These results show the inserts are suitable for use in golf club heads. The resistance to deformation from golf ball strikes at 140 miles per hour was excellent for a 0.110 inch thick insert comprising a fiber reinforced metal composite. Similar resistance to deformation performance was obtained with fiber reinforced inserts having thicknesses of 0.120 to 0.115 inches. This is an improvement over non-reinforced metal strike inserts of the art which must be used at a greater thickness and a higher weight to achieve the same performance.
Results also demonstrate that a thickness in excess of 0.105 inch is preferred for a titanium/silicon carbide fiber strike face insert mounted in a wood-type club.
Strike face inserts were prepared as described in Example 1, except that various combinations of fiber layers and insert thicknesses were prepared, and the inserts were tested in iron clubs so that no curvature was made in the inserts.
The insert configurations prepared included: (a) 2 plies, each, of fiber reinforced titanium tape cast preform and of titanium foil (Ti-6-4) to yield a 0.120 inch thick insert; (b) the same as (a) except the insert was 0.110 inches thick; and (c) the same as (a) except the insert was 0.100 inches thick. The neutral axis of each insert was free of fiber reinforcement and comprised only titanium.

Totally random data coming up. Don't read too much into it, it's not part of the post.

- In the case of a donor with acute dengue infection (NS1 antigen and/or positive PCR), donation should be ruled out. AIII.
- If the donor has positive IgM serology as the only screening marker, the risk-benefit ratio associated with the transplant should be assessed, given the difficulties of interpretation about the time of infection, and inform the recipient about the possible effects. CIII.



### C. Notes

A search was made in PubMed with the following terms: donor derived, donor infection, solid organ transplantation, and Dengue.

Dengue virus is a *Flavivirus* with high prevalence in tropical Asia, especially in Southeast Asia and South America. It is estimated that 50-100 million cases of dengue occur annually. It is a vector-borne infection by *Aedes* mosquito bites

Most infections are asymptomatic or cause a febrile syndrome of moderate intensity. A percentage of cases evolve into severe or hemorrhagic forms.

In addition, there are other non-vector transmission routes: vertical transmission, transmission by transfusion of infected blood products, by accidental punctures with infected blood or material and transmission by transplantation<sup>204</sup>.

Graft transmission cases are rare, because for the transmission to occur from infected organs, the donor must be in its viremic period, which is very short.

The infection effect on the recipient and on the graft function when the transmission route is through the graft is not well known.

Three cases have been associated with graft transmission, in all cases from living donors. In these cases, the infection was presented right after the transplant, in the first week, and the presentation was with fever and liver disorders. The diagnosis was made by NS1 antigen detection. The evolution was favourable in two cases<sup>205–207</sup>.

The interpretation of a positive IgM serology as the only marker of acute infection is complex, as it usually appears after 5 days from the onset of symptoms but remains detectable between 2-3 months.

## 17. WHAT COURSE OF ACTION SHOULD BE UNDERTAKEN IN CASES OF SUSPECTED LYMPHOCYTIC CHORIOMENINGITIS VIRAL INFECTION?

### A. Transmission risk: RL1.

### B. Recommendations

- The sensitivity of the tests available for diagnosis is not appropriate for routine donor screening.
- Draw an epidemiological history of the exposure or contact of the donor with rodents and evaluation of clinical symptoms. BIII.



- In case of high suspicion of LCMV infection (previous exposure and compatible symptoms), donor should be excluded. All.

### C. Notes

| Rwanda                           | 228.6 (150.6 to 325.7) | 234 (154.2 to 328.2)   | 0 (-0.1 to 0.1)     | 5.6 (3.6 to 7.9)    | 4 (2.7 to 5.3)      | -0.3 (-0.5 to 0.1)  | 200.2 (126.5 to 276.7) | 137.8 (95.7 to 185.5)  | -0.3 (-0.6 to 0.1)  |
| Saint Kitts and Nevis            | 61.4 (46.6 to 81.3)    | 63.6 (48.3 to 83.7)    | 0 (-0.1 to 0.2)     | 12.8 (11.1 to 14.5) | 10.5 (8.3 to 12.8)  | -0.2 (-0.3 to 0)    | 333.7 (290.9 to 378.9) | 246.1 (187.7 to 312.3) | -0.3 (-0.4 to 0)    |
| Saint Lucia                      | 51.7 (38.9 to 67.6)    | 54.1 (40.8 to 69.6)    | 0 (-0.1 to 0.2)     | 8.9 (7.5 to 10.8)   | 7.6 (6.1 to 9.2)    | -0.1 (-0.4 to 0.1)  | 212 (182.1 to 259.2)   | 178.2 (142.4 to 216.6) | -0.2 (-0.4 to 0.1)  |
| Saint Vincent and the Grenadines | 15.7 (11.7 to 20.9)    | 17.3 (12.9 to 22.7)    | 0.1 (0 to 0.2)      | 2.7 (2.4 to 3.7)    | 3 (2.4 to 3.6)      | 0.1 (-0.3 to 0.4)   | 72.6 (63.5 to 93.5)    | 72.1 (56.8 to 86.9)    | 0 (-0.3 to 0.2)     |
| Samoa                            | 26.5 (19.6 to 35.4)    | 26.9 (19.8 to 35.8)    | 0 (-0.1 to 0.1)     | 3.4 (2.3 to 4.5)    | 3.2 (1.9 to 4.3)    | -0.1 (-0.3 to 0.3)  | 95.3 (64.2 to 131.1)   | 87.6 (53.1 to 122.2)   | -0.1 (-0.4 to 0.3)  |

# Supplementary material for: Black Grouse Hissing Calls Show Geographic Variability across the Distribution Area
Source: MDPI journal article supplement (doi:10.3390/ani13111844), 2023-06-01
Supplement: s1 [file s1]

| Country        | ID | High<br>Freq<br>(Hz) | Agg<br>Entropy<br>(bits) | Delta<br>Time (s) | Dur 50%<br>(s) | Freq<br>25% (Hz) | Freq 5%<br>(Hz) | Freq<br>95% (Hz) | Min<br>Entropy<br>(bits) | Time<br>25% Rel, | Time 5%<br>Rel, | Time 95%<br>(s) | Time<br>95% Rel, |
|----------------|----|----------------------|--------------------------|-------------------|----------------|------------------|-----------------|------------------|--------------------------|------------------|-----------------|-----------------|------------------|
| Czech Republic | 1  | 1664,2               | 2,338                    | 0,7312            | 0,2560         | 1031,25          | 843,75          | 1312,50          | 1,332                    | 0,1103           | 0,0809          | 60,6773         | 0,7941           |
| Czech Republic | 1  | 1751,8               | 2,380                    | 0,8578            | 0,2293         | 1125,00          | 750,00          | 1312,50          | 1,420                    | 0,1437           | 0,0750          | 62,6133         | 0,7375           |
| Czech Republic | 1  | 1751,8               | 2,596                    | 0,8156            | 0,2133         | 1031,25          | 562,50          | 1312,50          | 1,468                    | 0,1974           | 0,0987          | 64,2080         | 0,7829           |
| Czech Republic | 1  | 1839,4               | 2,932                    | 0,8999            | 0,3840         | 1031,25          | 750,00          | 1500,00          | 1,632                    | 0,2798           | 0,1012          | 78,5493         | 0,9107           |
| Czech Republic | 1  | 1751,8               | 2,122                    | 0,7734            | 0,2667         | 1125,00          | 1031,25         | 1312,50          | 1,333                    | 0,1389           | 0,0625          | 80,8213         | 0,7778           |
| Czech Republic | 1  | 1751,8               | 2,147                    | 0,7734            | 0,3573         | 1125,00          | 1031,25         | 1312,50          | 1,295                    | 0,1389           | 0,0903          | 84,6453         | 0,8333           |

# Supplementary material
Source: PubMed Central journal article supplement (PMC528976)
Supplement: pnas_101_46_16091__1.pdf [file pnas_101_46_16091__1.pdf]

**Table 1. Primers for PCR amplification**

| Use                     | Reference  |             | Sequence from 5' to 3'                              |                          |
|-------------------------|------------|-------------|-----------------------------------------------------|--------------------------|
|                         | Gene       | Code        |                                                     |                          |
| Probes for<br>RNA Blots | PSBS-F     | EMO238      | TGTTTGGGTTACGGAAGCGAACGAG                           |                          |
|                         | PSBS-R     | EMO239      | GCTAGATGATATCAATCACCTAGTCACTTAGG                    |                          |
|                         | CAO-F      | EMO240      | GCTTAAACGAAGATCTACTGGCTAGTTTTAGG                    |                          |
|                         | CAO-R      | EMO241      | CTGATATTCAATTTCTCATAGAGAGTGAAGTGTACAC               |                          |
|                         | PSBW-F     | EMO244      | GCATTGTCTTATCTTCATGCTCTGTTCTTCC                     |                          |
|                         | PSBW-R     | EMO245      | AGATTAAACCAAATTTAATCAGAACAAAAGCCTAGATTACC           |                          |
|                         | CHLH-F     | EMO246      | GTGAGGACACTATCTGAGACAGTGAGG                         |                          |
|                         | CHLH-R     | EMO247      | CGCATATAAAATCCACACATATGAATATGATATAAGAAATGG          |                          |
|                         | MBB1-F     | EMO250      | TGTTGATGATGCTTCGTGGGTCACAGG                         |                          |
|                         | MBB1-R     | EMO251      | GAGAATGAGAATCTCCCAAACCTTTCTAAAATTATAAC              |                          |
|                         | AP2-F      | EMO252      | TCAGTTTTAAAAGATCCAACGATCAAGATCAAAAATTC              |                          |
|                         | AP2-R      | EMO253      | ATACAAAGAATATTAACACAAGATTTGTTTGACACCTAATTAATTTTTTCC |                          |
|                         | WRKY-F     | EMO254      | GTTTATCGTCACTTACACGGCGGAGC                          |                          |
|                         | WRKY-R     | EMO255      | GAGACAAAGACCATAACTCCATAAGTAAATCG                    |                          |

Each insert was tested in an iron club and performed as well as, or better than, monolithic iron clubs.
A driver golf club was assembled from an insert (0.100 inch thick) fabricated as in Example 1. The insert was welded onto a 0.010 to 0.005 inch deep shelf in the face of the cast metal main body member of the driver head. The insert was fitted to the shape of the shelf to provide a continuous joint between the main body member of the driver and the strike face insert.
The assembly performed well in the air cannon apparatus when struck with golf balls shot at 140 miles per hour.
Those skilled in the art will recognize, or be able to ascertain using no more than routine experimentation, many equivalents to specific embodiments of the invention described specifically herein. Such equivalents are intended to be encompassed in the scope of the following claims.
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|International Classification||B32B15/00, A63B53/04, C22C47/00|
|Cooperative Classification||B32B15/00, A63B53/04, C22C2204/00, C22C47/00, C22C47/068, A63B2053/0416, A63B2053/0408, A63B53/0466, A63B53/047, A63B2209/02|
|European Classification||C22C47/06W6, A63B53/04, C22C47/00, B32B15/00|
|Mar 26, 1999||AS||Assignment|
Owner name: TEXTRON SYSTEMS CORPORATION, MASSACHUSETTS
Free format text: ASSIGNMENT OF ASSIGNORS INTEREST;ASSIGNORS:GRANT, WILLIAM F.;KRAUS, STEPHEN A.;SHAHOOD JR., THOMAS W.;REEL/FRAME:009861/0641;SIGNING DATES FROM 19981230 TO 19990208
|Apr 2, 2004||AS||Assignment|
Owner name: TEXTRON IPMP L.P., MICHIGAN
Free format text: ASSIGNMENT OF ASSIGNORS INTEREST;ASSIGNORS:AVCO CORPORATION;TEXTRON SYSTEMS;AVCO MICHIGAN;REEL/FRAME:015156/0816
Effective date: 20010401
|Aug 6, 2004||FPAY||Fee payment|
Year of fee payment: 4
|Aug 6, 2008||FPAY||Fee payment|
Year of fee payment: 8
|Aug 6, 2012||FPAY||Fee payment|
Year of fee payment: 12